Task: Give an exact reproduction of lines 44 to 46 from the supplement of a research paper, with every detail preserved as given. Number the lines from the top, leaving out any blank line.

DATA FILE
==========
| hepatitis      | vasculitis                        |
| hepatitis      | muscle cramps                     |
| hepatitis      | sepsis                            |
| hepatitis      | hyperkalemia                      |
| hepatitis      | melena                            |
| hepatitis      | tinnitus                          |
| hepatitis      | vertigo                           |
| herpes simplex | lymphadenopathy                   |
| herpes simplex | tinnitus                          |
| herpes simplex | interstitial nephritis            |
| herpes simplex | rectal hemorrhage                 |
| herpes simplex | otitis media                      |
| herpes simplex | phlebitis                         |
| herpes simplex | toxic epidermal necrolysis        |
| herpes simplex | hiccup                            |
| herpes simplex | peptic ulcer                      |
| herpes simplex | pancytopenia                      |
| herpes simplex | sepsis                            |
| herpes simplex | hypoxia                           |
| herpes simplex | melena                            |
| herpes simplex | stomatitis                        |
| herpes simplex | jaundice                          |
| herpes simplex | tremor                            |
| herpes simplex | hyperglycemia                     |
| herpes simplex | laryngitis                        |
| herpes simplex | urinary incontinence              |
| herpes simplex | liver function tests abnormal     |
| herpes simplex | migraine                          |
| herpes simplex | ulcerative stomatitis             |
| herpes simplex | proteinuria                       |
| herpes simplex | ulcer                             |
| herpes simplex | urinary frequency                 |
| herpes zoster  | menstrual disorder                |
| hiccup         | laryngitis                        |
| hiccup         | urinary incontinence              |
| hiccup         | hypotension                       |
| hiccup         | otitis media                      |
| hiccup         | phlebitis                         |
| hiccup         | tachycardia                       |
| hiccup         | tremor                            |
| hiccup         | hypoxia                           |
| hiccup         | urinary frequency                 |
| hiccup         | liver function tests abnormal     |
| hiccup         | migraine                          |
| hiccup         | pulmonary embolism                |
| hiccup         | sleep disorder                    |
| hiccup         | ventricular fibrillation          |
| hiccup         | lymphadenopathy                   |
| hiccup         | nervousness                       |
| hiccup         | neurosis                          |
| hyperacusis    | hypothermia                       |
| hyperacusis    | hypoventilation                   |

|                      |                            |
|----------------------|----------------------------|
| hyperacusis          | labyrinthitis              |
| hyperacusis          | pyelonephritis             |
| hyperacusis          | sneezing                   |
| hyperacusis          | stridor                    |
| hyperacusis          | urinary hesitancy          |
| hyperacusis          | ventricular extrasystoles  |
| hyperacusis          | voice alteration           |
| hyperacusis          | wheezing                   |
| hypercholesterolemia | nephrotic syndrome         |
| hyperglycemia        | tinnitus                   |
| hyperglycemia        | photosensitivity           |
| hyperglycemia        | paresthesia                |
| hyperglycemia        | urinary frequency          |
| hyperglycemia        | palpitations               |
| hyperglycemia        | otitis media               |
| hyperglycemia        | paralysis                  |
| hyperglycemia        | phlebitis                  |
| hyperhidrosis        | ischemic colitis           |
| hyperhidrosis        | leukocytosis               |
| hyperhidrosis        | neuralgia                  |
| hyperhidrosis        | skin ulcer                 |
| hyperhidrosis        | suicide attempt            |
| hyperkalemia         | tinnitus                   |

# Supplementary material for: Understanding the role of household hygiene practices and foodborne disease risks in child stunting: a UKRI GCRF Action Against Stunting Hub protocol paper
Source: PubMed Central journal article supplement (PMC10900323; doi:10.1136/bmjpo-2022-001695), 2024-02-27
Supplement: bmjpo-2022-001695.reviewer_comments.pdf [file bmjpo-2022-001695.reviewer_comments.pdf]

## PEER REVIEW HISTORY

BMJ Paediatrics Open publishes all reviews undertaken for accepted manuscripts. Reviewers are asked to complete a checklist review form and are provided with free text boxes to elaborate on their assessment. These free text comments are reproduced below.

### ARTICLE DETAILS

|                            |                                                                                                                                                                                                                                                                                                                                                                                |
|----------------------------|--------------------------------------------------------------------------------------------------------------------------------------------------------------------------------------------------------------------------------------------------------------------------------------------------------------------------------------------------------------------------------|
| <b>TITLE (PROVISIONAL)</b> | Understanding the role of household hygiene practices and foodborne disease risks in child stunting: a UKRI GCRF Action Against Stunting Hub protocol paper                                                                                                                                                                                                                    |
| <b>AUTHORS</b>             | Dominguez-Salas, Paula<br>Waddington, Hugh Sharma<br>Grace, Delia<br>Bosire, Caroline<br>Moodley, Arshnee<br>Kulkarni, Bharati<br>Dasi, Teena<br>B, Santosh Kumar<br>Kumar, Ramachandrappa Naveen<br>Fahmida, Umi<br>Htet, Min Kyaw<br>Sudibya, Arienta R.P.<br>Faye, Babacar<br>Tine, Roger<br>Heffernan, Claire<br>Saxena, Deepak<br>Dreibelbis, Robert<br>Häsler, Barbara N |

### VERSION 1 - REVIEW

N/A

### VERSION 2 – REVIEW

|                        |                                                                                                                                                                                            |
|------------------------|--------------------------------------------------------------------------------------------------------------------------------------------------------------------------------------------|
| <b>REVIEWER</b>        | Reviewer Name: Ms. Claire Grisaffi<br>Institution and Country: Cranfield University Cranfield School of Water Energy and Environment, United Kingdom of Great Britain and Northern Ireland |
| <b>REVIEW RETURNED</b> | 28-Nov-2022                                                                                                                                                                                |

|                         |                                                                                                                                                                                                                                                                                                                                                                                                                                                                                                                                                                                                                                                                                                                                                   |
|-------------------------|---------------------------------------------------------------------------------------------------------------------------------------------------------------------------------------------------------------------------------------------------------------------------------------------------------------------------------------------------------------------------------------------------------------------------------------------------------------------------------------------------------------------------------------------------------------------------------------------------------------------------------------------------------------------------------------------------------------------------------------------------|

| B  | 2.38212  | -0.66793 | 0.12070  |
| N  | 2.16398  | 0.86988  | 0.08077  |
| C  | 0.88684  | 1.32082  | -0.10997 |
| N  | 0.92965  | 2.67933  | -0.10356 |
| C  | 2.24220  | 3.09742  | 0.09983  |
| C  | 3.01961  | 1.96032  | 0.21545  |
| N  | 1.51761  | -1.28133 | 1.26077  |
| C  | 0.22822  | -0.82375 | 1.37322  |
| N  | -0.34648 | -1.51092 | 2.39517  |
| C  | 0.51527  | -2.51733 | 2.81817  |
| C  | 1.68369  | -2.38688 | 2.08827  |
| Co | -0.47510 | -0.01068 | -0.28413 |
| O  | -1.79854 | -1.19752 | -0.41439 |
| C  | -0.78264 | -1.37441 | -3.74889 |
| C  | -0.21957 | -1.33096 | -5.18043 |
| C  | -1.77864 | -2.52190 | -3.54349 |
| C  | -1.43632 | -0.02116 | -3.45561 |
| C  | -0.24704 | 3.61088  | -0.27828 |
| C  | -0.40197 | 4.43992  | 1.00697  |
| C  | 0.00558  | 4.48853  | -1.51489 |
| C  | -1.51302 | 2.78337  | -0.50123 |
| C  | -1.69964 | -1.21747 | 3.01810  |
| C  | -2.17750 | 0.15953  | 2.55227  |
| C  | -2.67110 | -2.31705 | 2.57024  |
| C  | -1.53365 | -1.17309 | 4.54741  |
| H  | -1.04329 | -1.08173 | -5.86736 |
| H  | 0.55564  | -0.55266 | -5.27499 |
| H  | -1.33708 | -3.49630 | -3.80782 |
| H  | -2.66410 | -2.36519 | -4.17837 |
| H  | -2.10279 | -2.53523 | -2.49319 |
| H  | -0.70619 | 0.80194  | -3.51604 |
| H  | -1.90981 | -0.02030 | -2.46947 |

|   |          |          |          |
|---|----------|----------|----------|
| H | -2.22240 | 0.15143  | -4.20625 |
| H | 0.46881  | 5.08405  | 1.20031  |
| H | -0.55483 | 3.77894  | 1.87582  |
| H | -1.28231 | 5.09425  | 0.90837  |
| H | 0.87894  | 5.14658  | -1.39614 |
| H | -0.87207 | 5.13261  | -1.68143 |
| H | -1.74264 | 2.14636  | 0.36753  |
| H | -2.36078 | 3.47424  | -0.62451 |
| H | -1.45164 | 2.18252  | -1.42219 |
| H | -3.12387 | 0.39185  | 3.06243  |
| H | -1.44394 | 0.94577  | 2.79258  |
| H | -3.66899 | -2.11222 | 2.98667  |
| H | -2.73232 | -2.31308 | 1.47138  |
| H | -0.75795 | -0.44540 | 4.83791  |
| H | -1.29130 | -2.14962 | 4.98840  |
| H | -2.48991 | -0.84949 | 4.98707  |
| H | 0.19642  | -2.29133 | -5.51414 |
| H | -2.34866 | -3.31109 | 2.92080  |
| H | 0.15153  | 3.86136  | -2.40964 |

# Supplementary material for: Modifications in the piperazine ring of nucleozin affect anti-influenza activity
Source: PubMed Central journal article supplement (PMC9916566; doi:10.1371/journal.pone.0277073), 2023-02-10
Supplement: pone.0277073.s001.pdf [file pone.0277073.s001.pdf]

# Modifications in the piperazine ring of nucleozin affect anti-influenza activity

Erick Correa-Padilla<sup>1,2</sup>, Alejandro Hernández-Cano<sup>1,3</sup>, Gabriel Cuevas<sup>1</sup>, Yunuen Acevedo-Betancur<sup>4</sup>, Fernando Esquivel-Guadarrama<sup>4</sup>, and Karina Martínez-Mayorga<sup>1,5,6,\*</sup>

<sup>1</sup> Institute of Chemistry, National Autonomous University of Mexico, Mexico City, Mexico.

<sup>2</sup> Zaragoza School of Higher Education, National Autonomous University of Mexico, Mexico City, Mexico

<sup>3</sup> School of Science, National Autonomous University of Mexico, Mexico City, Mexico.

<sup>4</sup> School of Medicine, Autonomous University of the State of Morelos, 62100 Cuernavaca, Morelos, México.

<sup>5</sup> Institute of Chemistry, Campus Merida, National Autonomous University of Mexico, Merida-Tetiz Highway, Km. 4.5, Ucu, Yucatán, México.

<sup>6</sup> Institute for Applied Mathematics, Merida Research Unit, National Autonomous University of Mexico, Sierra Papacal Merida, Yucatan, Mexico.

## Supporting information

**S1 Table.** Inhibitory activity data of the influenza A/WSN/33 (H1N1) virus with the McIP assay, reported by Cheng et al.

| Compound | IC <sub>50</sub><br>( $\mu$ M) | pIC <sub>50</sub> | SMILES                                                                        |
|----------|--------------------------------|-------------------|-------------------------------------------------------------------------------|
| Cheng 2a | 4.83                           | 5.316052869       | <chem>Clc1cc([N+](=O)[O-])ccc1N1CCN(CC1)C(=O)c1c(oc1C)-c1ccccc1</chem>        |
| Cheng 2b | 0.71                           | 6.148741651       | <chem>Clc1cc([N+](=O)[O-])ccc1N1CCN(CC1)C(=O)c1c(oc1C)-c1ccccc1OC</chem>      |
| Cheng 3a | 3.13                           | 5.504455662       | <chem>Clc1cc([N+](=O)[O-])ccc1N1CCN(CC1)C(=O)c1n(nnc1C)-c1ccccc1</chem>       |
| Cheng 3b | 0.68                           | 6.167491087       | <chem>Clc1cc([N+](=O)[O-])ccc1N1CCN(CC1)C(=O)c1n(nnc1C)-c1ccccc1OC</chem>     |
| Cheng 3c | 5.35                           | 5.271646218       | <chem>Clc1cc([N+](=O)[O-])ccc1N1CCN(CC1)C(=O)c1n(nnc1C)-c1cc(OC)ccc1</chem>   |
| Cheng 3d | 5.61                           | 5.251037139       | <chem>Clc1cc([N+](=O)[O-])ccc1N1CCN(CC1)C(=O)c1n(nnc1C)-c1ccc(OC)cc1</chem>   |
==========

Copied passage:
| hiccup         | migraine                          |
| hiccup         | pulmonary embolism                |
| hiccup         | sleep disorder                    |